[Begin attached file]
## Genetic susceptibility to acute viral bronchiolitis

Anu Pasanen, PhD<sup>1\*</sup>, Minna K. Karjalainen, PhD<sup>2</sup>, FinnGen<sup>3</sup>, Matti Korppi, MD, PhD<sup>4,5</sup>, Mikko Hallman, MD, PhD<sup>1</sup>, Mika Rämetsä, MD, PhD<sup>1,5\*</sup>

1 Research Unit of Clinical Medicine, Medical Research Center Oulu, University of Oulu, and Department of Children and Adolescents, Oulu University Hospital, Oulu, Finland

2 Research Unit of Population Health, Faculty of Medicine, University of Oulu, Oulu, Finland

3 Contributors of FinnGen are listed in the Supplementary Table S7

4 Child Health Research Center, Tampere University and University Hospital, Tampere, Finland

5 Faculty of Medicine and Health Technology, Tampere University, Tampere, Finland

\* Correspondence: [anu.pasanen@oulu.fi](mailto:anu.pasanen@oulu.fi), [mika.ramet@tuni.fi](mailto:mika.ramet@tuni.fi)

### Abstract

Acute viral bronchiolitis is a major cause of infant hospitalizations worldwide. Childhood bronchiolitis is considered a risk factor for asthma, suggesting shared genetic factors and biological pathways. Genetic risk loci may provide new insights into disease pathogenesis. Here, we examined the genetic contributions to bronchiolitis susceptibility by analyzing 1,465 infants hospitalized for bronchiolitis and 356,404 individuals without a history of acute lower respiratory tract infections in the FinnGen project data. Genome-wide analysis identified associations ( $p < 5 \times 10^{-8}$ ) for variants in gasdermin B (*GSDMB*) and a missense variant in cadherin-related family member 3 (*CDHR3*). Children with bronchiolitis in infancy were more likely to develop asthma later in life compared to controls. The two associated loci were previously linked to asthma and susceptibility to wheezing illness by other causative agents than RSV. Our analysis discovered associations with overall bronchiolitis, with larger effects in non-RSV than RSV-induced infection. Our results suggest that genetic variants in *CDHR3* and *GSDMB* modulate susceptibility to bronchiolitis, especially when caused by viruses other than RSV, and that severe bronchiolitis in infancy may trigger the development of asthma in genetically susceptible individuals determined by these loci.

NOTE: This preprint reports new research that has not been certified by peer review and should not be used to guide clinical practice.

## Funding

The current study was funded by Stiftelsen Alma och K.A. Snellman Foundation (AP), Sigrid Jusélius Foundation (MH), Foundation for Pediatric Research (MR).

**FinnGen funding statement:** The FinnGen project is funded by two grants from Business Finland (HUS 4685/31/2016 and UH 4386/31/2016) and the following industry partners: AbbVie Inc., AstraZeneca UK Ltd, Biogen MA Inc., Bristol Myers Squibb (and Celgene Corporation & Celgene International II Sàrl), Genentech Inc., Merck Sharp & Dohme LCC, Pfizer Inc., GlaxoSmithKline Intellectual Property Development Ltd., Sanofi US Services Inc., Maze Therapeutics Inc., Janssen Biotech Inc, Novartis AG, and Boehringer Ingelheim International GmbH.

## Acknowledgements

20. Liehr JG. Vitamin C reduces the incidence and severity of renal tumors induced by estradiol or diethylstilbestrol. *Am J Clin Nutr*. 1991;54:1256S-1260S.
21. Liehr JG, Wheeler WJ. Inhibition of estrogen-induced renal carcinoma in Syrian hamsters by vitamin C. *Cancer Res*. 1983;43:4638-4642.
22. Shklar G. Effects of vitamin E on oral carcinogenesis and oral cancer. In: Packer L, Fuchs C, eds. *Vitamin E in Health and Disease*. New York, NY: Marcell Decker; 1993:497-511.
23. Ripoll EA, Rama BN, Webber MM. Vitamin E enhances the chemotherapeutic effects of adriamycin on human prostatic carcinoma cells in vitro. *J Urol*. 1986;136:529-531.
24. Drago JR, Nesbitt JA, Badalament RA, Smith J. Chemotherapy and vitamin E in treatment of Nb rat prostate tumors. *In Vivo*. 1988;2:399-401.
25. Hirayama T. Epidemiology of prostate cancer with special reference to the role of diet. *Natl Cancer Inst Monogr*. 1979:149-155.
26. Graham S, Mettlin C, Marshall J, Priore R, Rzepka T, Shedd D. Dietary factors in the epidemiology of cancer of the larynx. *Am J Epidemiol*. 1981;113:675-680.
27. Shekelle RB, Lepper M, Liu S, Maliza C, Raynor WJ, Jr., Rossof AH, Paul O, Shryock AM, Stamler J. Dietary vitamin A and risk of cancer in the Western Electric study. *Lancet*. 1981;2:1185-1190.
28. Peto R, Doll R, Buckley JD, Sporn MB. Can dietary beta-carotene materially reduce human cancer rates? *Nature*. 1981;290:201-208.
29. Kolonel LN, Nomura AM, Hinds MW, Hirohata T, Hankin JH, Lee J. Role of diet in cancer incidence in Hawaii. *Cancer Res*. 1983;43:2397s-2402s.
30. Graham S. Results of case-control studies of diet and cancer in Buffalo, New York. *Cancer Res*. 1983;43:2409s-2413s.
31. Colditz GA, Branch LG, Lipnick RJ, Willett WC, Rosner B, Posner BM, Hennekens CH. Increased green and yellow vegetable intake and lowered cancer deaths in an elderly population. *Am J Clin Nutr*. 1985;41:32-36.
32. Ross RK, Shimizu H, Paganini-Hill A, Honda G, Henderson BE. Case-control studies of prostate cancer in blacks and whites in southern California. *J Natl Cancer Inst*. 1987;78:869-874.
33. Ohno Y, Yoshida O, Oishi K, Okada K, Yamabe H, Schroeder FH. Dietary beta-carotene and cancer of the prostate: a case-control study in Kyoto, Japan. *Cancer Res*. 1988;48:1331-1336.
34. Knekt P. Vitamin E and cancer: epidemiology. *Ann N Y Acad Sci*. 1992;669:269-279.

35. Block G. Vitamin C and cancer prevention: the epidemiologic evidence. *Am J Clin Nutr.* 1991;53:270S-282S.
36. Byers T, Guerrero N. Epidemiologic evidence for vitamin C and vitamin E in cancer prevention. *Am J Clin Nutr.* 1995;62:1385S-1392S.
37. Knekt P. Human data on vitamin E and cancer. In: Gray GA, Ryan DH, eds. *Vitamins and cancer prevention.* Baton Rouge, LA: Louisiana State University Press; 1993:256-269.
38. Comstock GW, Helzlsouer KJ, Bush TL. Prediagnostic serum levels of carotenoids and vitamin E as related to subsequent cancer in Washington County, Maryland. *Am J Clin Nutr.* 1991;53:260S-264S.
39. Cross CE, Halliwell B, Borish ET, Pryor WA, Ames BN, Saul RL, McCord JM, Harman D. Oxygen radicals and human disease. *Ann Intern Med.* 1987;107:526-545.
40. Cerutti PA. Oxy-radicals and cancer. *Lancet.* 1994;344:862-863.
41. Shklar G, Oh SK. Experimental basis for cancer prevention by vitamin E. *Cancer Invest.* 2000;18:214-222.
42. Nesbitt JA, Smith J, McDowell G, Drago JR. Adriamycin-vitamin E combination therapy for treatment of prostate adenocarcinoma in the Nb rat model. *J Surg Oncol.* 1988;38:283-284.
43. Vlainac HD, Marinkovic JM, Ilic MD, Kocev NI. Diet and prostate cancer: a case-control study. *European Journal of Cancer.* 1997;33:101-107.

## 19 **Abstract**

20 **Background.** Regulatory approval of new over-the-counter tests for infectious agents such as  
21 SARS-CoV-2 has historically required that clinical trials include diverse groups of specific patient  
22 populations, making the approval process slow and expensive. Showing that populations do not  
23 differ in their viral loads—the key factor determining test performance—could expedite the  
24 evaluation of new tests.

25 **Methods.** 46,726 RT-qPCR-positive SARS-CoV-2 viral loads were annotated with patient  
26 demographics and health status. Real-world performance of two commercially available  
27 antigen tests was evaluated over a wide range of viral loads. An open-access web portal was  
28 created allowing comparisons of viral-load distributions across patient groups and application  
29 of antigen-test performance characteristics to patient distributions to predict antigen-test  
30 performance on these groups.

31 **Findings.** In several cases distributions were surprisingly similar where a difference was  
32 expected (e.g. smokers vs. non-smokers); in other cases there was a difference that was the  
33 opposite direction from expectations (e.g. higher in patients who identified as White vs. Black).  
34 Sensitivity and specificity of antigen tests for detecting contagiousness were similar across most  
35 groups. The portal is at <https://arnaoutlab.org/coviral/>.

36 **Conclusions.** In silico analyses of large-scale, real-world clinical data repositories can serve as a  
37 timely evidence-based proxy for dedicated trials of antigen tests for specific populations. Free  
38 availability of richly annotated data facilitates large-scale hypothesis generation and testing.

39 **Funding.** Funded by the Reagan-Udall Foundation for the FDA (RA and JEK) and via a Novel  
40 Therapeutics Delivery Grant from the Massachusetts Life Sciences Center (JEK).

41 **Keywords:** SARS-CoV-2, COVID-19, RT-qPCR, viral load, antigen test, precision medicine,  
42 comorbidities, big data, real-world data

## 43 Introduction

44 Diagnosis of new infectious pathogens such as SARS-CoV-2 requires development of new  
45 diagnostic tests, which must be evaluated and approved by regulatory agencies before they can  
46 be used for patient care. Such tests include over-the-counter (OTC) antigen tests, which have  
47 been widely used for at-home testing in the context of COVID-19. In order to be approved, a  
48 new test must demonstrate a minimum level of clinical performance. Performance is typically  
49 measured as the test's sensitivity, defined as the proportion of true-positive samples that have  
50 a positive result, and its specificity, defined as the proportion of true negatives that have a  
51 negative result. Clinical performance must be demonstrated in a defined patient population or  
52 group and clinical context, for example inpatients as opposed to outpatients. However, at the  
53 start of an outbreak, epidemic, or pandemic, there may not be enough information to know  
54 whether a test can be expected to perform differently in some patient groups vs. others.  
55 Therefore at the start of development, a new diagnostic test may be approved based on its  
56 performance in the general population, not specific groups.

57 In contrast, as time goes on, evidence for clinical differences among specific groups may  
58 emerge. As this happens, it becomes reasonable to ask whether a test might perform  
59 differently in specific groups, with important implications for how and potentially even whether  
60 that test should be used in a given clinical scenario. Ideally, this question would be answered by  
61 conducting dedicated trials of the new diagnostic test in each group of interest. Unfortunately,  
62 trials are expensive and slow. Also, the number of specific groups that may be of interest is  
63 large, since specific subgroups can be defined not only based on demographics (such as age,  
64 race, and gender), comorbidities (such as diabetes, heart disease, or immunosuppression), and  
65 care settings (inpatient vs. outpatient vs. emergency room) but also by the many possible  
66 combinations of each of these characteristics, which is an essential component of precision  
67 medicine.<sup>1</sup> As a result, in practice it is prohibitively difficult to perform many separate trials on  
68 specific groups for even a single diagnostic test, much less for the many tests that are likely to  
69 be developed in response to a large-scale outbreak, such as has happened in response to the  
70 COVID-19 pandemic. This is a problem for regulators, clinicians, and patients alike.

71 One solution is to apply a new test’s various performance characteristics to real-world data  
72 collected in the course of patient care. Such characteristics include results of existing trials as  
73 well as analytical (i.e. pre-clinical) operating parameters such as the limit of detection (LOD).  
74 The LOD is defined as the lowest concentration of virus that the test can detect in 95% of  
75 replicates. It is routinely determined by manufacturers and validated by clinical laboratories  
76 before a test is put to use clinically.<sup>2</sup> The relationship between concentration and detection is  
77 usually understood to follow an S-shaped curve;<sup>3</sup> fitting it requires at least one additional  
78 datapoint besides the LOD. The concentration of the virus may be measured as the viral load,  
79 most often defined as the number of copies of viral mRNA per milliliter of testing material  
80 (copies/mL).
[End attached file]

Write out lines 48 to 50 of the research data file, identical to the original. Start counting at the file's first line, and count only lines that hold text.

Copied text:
27 antigen tests was evaluated over a wide range of viral loads. An open-access web portal was  
28 created allowing comparisons of viral-load distributions across patient groups and application  
29 of antigen-test performance characteristics to patient distributions to predict antigen-test  